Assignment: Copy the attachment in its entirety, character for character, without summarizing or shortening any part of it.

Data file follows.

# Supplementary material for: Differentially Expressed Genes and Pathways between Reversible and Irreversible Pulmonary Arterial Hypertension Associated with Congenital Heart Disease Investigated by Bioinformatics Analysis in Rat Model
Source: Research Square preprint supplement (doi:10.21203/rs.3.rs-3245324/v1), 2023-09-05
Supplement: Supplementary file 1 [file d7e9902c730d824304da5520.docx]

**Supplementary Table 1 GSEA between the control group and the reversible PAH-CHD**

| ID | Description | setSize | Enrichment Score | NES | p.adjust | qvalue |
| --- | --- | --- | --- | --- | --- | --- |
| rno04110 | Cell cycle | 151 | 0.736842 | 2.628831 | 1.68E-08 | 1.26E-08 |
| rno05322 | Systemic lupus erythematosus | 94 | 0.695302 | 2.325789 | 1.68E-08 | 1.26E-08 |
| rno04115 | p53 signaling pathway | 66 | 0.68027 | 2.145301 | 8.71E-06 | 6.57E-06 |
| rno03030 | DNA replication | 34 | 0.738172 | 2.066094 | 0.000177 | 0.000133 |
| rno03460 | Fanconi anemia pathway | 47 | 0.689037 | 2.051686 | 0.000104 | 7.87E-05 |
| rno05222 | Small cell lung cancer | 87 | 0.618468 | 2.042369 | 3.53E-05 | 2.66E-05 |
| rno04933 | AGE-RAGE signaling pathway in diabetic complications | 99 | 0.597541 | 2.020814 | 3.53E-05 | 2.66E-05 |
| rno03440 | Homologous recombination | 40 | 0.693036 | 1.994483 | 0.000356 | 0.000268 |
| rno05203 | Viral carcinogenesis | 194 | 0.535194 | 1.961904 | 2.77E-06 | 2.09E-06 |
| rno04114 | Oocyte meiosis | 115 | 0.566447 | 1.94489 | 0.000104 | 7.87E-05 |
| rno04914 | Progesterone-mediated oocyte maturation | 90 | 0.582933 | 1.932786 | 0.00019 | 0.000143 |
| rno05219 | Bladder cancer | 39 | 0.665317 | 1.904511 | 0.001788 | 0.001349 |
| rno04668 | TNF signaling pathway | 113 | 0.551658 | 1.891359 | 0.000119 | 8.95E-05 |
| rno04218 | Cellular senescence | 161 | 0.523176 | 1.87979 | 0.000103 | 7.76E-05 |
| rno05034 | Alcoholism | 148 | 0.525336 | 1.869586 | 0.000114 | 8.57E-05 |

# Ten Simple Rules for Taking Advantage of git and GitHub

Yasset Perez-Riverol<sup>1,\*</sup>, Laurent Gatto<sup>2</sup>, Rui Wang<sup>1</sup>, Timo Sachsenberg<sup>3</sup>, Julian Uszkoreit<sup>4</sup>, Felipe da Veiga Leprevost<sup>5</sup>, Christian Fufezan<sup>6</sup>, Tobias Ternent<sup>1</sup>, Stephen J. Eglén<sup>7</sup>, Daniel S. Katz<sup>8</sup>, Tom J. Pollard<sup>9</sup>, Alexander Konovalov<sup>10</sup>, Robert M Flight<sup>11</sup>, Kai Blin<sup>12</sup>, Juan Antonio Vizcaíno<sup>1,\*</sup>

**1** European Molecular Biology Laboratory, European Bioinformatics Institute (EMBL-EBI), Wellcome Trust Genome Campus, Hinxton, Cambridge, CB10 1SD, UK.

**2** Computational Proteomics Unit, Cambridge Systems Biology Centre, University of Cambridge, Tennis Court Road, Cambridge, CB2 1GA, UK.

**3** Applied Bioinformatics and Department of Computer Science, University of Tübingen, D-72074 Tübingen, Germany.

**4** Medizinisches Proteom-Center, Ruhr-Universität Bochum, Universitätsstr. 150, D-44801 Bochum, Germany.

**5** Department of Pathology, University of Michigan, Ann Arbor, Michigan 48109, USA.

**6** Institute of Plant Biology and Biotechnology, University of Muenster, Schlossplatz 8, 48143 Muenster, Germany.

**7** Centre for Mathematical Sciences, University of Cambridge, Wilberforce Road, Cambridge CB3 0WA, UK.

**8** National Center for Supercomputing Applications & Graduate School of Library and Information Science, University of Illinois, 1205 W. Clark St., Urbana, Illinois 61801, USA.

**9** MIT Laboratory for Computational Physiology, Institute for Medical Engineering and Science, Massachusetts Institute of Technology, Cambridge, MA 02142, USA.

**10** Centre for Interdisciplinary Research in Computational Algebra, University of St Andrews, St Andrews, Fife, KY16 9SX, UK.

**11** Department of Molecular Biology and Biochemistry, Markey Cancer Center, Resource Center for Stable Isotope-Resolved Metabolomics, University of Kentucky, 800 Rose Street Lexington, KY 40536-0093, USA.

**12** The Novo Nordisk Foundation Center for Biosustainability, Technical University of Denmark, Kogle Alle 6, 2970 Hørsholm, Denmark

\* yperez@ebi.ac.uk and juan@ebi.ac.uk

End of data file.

# Supplementary material for: Differentially Expressed Genes and Pathways between Reversible and Irreversible Pulmonary Arterial Hypertension Associated with Congenital Heart Disease Investigated by Bioinformatics Analysis in Rat Model
Source: Research Square preprint supplement (doi:10.21203/rs.3.rs-3245324/v1), 2023-09-05
Supplement: Supplementary file 1 [file d7e9902c730d824304da5520.docx]

**Supplementary Table 1 GSEA between the control group and the reversible PAH-CHD**

| ID | Description | setSize | Enrichment Score | NES | p.adjust | qvalue |
| --- | --- | --- | --- | --- | --- | --- |
| rno04110 | Cell cycle | 151 | 0.736842 | 2.628831 | 1.68E-08 | 1.26E-08 |
| rno05322 | Systemic lupus erythematosus | 94 | 0.695302 | 2.325789 | 1.68E-08 | 1.26E-08 |
| rno04115 | p53 signaling pathway | 66 | 0.68027 | 2.145301 | 8.71E-06 | 6.57E-06 |
| rno03030 | DNA replication | 34 | 0.738172 | 2.066094 | 0.000177 | 0.000133 |
| rno03460 | Fanconi anemia pathway | 47 | 0.689037 | 2.051686 | 0.000104 | 7.87E-05 |
| rno05222 | Small cell lung cancer | 87 | 0.618468 | 2.042369 | 3.53E-05 | 2.66E-05 |
| rno04933 | AGE-RAGE signaling pathway in diabetic complications | 99 | 0.597541 | 2.020814 | 3.53E-05 | 2.66E-05 |
| rno03440 | Homologous recombination | 40 | 0.693036 | 1.994483 | 0.000356 | 0.000268 |
| rno05203 | Viral carcinogenesis | 194 | 0.535194 | 1.961904 | 2.77E-06 | 2.09E-06 |
| rno04114 | Oocyte meiosis | 115 | 0.566447 | 1.94489 | 0.000104 | 7.87E-05 |
| rno04914 | Progesterone-mediated oocyte maturation | 90 | 0.582933 | 1.932786 | 0.00019 | 0.000143 |
| rno05219 | Bladder cancer | 39 | 0.665317 | 1.904511 | 0.001788 | 0.001349 |
| rno04668 | TNF signaling pathway | 113 | 0.551658 | 1.891359 | 0.000119 | 8.95E-05 |
| rno04218 | Cellular senescence | 161 | 0.523176 | 1.87979 | 0.000103 | 7.76E-05 |
| rno05034 | Alcoholism | 148 | 0.525336 | 1.869586 | 0.000114 | 8.57E-05 |

# Ten Simple Rules for Taking Advantage of git and GitHub

Yasset Perez-Riverol<sup>1,\*</sup>, Laurent Gatto<sup>2</sup>, Rui Wang<sup>1</sup>, Timo Sachsenberg<sup>3</sup>, Julian Uszkoreit<sup>4</sup>, Felipe da Veiga Leprevost<sup>5</sup>, Christian Fufezan<sup>6</sup>, Tobias Ternent<sup>1</sup>, Stephen J. Eglén<sup>7</sup>, Daniel S. Katz<sup>8</sup>, Tom J. Pollard<sup>9</sup>, Alexander Konovalov<sup>10</sup>, Robert M Flight<sup>11</sup>, Kai Blin<sup>12</sup>, Juan Antonio Vizcaíno<sup>1,\*</sup>

**1** European Molecular Biology Laboratory, European Bioinformatics Institute (EMBL-EBI), Wellcome Trust Genome Campus, Hinxton, Cambridge, CB10 1SD, UK.

**2** Computational Proteomics Unit, Cambridge Systems Biology Centre, University of Cambridge, Tennis Court Road, Cambridge, CB2 1GA, UK.

**3** Applied Bioinformatics and Department of Computer Science, University of Tübingen, D-72074 Tübingen, Germany.

**4** Medizinisches Proteom-Center, Ruhr-Universität Bochum, Universitätsstr. 150, D-44801 Bochum, Germany.

**5** Department of Pathology, University of Michigan, Ann Arbor, Michigan 48109, USA.

**6** Institute of Plant Biology and Biotechnology, University of Muenster, Schlossplatz 8, 48143 Muenster, Germany.

**7** Centre for Mathematical Sciences, University of Cambridge, Wilberforce Road, Cambridge CB3 0WA, UK.

**8** National Center for Supercomputing Applications & Graduate School of Library and Information Science, University of Illinois, 1205 W. Clark St., Urbana, Illinois 61801, USA.

**9** MIT Laboratory for Computational Physiology, Institute for Medical Engineering and Science, Massachusetts Institute of Technology, Cambridge, MA 02142, USA.

**10** Centre for Interdisciplinary Research in Computational Algebra, University of St Andrews, St Andrews, Fife, KY16 9SX, UK.

**11** Department of Molecular Biology and Biochemistry, Markey Cancer Center, Resource Center for Stable Isotope-Resolved Metabolomics, University of Kentucky, 800 Rose Street Lexington, KY 40536-0093, USA.

**12** The Novo Nordisk Foundation Center for Biosustainability, Technical University of Denmark, Kogle Alle 6, 2970 Hørsholm, Denmark

\* yperez@ebi.ac.uk and juan@ebi.ac.uk